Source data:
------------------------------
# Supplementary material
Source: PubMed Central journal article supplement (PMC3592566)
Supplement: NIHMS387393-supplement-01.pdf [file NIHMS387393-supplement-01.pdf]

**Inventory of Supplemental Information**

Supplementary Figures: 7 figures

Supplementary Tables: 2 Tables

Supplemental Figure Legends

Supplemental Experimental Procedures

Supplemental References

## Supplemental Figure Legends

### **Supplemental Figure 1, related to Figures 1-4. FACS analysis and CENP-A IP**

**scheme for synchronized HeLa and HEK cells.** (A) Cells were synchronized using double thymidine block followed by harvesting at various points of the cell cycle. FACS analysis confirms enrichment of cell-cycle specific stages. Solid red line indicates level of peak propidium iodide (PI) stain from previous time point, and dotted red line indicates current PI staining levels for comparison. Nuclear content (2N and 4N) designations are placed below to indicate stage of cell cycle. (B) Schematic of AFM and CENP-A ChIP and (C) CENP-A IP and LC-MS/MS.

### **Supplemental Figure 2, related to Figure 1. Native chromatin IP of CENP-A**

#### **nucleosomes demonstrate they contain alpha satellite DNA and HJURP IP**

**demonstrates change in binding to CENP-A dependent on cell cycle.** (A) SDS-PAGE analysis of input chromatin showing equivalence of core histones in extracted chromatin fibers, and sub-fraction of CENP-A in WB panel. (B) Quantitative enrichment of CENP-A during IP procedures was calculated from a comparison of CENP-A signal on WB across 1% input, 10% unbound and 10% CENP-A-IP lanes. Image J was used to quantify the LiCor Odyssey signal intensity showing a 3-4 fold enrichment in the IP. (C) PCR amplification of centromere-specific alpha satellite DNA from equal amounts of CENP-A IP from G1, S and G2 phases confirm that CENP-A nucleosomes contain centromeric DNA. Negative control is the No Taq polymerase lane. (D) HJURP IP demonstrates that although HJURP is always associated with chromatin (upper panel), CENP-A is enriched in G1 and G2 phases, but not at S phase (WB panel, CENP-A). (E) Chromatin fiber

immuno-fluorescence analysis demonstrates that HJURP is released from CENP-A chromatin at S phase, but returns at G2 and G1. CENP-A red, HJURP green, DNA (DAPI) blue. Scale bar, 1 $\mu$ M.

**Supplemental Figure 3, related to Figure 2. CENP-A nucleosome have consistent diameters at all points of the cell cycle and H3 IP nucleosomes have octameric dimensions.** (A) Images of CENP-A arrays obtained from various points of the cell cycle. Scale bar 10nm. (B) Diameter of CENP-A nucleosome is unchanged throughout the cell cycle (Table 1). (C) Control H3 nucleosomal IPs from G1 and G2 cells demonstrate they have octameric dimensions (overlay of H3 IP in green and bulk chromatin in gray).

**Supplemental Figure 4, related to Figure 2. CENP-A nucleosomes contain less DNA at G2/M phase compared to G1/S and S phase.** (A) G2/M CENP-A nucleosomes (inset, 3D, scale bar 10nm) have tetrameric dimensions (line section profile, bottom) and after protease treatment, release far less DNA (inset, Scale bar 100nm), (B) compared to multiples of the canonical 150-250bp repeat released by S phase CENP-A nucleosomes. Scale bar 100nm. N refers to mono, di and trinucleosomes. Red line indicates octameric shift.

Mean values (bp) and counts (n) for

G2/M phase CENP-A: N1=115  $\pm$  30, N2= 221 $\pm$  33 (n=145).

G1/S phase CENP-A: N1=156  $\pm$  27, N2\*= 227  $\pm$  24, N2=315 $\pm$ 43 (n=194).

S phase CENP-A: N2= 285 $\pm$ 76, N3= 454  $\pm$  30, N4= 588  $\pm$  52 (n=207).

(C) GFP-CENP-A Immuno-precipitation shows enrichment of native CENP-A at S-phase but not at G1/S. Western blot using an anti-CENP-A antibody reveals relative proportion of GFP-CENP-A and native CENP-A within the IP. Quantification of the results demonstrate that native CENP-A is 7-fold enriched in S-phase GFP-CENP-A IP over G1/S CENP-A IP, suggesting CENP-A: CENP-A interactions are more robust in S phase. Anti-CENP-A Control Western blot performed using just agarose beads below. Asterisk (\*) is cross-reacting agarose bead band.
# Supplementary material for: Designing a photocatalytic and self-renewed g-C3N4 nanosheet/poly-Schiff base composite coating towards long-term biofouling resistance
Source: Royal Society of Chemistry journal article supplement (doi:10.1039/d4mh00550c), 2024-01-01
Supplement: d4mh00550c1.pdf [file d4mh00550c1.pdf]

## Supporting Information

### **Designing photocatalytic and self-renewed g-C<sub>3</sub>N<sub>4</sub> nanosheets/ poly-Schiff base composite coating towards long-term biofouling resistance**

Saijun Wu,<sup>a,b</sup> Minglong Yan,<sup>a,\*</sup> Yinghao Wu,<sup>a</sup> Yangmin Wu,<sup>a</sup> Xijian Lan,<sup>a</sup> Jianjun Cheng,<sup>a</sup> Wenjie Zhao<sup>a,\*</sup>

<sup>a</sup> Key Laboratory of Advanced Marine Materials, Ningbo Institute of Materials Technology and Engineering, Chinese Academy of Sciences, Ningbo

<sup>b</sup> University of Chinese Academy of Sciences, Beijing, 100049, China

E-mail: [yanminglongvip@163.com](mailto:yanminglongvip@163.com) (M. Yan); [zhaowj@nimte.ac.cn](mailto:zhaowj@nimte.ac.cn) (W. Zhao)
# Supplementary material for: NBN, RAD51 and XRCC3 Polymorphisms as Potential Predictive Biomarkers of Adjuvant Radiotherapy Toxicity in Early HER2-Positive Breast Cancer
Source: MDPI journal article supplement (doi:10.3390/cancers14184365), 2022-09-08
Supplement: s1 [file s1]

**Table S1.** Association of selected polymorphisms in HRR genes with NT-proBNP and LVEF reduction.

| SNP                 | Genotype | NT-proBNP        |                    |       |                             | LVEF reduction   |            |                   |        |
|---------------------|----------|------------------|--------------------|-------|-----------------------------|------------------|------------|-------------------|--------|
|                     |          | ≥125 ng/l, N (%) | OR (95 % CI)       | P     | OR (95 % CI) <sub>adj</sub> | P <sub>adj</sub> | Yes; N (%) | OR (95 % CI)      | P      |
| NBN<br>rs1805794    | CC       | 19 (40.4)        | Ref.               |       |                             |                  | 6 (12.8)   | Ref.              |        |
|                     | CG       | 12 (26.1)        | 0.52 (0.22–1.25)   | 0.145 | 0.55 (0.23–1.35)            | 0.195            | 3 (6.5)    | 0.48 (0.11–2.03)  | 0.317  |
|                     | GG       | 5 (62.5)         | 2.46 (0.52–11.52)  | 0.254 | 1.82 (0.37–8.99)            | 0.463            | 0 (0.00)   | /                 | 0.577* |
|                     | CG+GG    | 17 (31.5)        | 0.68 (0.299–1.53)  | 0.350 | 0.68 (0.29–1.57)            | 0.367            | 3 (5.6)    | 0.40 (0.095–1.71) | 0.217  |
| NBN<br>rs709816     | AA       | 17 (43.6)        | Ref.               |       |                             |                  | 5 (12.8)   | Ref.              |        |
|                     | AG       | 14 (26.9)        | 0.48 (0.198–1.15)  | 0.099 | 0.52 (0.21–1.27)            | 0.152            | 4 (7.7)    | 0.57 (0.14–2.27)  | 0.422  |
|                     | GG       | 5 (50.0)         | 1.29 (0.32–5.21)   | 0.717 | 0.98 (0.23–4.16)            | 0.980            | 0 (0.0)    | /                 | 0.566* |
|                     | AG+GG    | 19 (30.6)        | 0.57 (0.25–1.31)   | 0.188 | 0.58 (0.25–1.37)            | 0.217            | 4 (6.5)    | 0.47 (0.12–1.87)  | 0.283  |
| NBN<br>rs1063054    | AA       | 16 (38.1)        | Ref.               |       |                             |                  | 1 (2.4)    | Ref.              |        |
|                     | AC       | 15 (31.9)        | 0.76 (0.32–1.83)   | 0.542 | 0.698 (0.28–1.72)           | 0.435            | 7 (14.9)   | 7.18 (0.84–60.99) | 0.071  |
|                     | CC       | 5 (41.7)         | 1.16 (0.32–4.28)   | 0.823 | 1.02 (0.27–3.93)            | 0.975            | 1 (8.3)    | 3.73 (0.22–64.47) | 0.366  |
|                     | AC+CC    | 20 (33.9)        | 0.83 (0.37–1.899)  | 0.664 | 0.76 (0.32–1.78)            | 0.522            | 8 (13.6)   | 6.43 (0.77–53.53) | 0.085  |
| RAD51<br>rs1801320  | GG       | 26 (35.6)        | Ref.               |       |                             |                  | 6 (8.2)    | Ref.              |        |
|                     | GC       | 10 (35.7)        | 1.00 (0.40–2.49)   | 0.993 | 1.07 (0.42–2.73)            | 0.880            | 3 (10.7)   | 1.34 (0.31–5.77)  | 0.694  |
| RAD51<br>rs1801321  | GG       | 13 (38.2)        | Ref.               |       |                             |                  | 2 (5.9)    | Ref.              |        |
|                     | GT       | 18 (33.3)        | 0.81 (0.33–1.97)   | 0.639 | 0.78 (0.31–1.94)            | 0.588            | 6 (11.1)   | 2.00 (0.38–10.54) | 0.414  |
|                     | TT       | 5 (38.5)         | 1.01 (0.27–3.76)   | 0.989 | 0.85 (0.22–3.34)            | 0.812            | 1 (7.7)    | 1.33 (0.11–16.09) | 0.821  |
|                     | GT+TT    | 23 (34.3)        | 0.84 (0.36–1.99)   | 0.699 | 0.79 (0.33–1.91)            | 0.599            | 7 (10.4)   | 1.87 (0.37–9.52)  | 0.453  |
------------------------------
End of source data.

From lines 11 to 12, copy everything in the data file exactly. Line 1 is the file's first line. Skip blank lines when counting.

### **Supplemental Figure 1, related to Figures 1-4. FACS analysis and CENP-A IP**

**scheme for synchronized HeLa and HEK cells.** (A) Cells were synchronized using double thymidine block followed by harvesting at various points of the cell cycle. FACS analysis confirms enrichment of cell-cycle specific stages. Solid red line indicates level of peak propidium iodide (PI) stain from previous time point, and dotted red line indicates current PI staining levels for comparison. Nuclear content (2N and 4N) designations are placed below to indicate stage of cell cycle. (B) Schematic of AFM and CENP-A ChIP and (C) CENP-A IP and LC-MS/MS.